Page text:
This past week I have been dipping my toe in and out of the livestream for the ArtPlace America Summit. One of the plenary sessions I went back to listen to more fully was a discussion ArtPlace CEO Jamie Bennett held with Kresge Foundation CEO Rip Rapson and Detroit Future City Executive Director Anika Goss-Foster about public/private partnerships.
The title of the session was “You’re not the Boss of Me: What Happened to the Public in Public-Private Partnerships?” and the most fascinating parts dealt exactly the issue of who the boss is in public-private partnerships.
Around the 12:15 point, Rapson talks about how one of the previous mayors of Detroit had approached him at the Kresge Foundation asking if they would fund a long range master planning process to revitalize Detroit. The team Kresge put together was so successful in generating participation and investment from the community that the city administration started to feel that their prerogatives were being challenged and their competency was being questioned. The city government began resisting the efforts of the Detroit Future City team Kresge put together to work with them.
Kresge decided to shutdown the process for a year and pull it out of the mayor’s office. However, they had built up so much momentum getting the community involved over two years, the community wouldn’t allow them to dial things back. Kresge restructured things toward a community ownership model and finished the master plan.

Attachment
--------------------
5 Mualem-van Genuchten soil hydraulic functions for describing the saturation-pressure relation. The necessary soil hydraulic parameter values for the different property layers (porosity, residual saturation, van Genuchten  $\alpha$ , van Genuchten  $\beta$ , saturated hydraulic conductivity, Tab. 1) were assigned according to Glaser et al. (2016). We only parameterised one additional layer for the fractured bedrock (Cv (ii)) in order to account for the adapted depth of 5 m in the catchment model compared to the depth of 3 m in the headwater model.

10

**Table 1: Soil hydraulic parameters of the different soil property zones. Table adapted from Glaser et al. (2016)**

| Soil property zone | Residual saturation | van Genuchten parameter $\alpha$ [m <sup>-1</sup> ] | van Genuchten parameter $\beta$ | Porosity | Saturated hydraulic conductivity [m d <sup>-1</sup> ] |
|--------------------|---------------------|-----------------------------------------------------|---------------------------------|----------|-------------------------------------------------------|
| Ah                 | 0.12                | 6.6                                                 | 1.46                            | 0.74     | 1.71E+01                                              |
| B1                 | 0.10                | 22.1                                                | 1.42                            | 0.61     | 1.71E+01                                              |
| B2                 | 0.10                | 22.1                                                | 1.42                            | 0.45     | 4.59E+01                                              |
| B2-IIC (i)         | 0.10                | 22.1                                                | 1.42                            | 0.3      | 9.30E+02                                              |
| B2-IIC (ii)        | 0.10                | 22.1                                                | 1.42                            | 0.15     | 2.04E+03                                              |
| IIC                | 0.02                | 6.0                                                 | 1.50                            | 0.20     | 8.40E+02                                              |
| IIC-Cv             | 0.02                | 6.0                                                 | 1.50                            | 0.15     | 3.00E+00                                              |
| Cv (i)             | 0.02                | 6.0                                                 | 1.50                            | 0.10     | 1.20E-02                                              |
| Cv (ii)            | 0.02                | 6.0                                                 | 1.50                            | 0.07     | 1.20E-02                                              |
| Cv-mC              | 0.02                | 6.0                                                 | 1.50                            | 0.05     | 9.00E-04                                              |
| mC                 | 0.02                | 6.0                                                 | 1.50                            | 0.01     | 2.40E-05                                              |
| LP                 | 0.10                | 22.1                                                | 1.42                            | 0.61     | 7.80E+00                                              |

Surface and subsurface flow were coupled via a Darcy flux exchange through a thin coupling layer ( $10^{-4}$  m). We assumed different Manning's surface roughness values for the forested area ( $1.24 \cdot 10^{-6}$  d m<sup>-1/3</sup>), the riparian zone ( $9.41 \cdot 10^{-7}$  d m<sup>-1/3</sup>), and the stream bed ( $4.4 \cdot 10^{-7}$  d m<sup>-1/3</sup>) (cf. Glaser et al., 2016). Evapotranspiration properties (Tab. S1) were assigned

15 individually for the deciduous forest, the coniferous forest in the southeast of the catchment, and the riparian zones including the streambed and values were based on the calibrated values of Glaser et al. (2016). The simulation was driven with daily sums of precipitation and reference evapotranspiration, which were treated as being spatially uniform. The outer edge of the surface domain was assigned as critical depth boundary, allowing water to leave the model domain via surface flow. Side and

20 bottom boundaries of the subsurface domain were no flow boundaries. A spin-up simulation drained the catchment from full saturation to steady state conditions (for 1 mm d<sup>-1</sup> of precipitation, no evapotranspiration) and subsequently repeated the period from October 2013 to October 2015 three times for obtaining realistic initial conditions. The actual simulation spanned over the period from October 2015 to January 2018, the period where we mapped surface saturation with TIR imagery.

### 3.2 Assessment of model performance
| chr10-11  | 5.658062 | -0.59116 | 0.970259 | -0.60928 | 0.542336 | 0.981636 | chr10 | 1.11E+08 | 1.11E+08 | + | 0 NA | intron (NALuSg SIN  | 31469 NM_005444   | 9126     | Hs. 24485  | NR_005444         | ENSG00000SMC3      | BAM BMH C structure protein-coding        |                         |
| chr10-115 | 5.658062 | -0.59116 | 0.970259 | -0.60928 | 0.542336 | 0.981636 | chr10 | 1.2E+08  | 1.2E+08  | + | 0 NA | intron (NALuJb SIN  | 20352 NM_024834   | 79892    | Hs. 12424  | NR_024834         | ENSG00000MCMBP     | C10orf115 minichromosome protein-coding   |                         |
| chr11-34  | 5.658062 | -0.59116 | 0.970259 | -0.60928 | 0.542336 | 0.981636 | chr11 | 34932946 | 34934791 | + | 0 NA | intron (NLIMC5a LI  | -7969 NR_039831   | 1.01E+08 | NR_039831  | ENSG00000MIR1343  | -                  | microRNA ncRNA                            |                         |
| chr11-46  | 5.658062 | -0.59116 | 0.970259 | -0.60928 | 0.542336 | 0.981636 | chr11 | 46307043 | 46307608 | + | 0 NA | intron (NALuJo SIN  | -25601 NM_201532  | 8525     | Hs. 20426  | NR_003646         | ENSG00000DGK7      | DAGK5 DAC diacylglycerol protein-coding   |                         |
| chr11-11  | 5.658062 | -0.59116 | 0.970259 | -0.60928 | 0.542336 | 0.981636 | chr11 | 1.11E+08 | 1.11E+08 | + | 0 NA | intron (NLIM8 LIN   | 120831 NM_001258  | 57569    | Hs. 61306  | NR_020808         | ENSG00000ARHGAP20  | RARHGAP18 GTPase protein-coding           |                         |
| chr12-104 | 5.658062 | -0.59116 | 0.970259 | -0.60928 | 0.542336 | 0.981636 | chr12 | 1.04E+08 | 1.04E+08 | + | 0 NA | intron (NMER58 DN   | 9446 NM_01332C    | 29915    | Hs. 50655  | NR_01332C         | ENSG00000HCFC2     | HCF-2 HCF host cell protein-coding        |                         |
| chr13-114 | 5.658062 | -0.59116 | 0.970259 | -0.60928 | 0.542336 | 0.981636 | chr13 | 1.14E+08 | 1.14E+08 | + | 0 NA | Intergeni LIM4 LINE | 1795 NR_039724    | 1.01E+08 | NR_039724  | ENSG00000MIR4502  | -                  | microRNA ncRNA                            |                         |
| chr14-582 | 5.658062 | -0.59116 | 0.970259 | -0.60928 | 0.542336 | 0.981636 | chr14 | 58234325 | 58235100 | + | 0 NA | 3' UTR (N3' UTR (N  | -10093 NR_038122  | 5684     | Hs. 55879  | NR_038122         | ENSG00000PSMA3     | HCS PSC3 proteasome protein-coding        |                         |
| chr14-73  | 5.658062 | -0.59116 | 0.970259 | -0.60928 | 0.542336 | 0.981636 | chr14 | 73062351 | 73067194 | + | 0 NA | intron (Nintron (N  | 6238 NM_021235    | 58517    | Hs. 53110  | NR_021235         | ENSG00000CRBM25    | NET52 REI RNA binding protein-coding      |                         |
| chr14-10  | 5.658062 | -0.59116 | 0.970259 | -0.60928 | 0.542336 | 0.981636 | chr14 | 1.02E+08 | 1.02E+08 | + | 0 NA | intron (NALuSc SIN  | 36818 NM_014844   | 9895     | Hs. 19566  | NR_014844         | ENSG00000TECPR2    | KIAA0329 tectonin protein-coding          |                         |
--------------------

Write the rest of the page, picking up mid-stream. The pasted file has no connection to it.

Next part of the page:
Around the same time, a new administration took charge of Detroit city government and they embraced the externally generated plan. But then the same dynamic developed where the city government came to resent the involvement of outsiders. According to Rapson, they did recognize the talent of the Detroit Future City team, but they wanted to absorb the organization into the city planning department and have them work under the city’s terms.
Rapson says that in the current national environment, the lines between public and private are much more porous than in the past. At one time a philanthropic entity wouldn’t get involved with this type of work. At one time the view was that private sector work was tainted and the public sector was far too messy and political.
Today he says, when faced with a problem there is more of a negotiation of who does what the best. Who is best equipped with the expertise, capacity and resources to address an issue. For instance, only the city government is empowered to set zoning laws, levy taxes, etc.
What intrigued me was Rapson’s implication that Detroit Future City’s work was influencing how the Detroit city government viewed and executed community outreach, shifting it from an authoritarian approach to a more collaborative one. Though there is still work to be done.
I wondered if this might presage a new trend in the way cities might operate. Jamie Bennett asked if the ideal wasn’t supposed to be that citizens already had the opportunity to participate in planning through their vote and approaching their government representatives.
Rapson responded acknowledging that in this particular case, the Detroit Future City team had helped to create a constructive process and environment. But he also makes note that it had been an anti-democratic (his term) philanthropic institution which had been responsible for making sure the community voice was at the table.
My read between the lines on this was marginally cautionary. It is working in Detroit thanks to a number of conditions that have come into alignment, but it perhaps shouldn’t be seen as a broad panacea applicable to every city.
It sounds like Detroit Future City is doing a great job involving community input in their advocacy. Goss-Foster said people will come up to her in the streets and supermarkets to point out that the group with which they identify isn’t included in the plan. She said she often concedes they are right and invites them down to her office to talk about getting them included.
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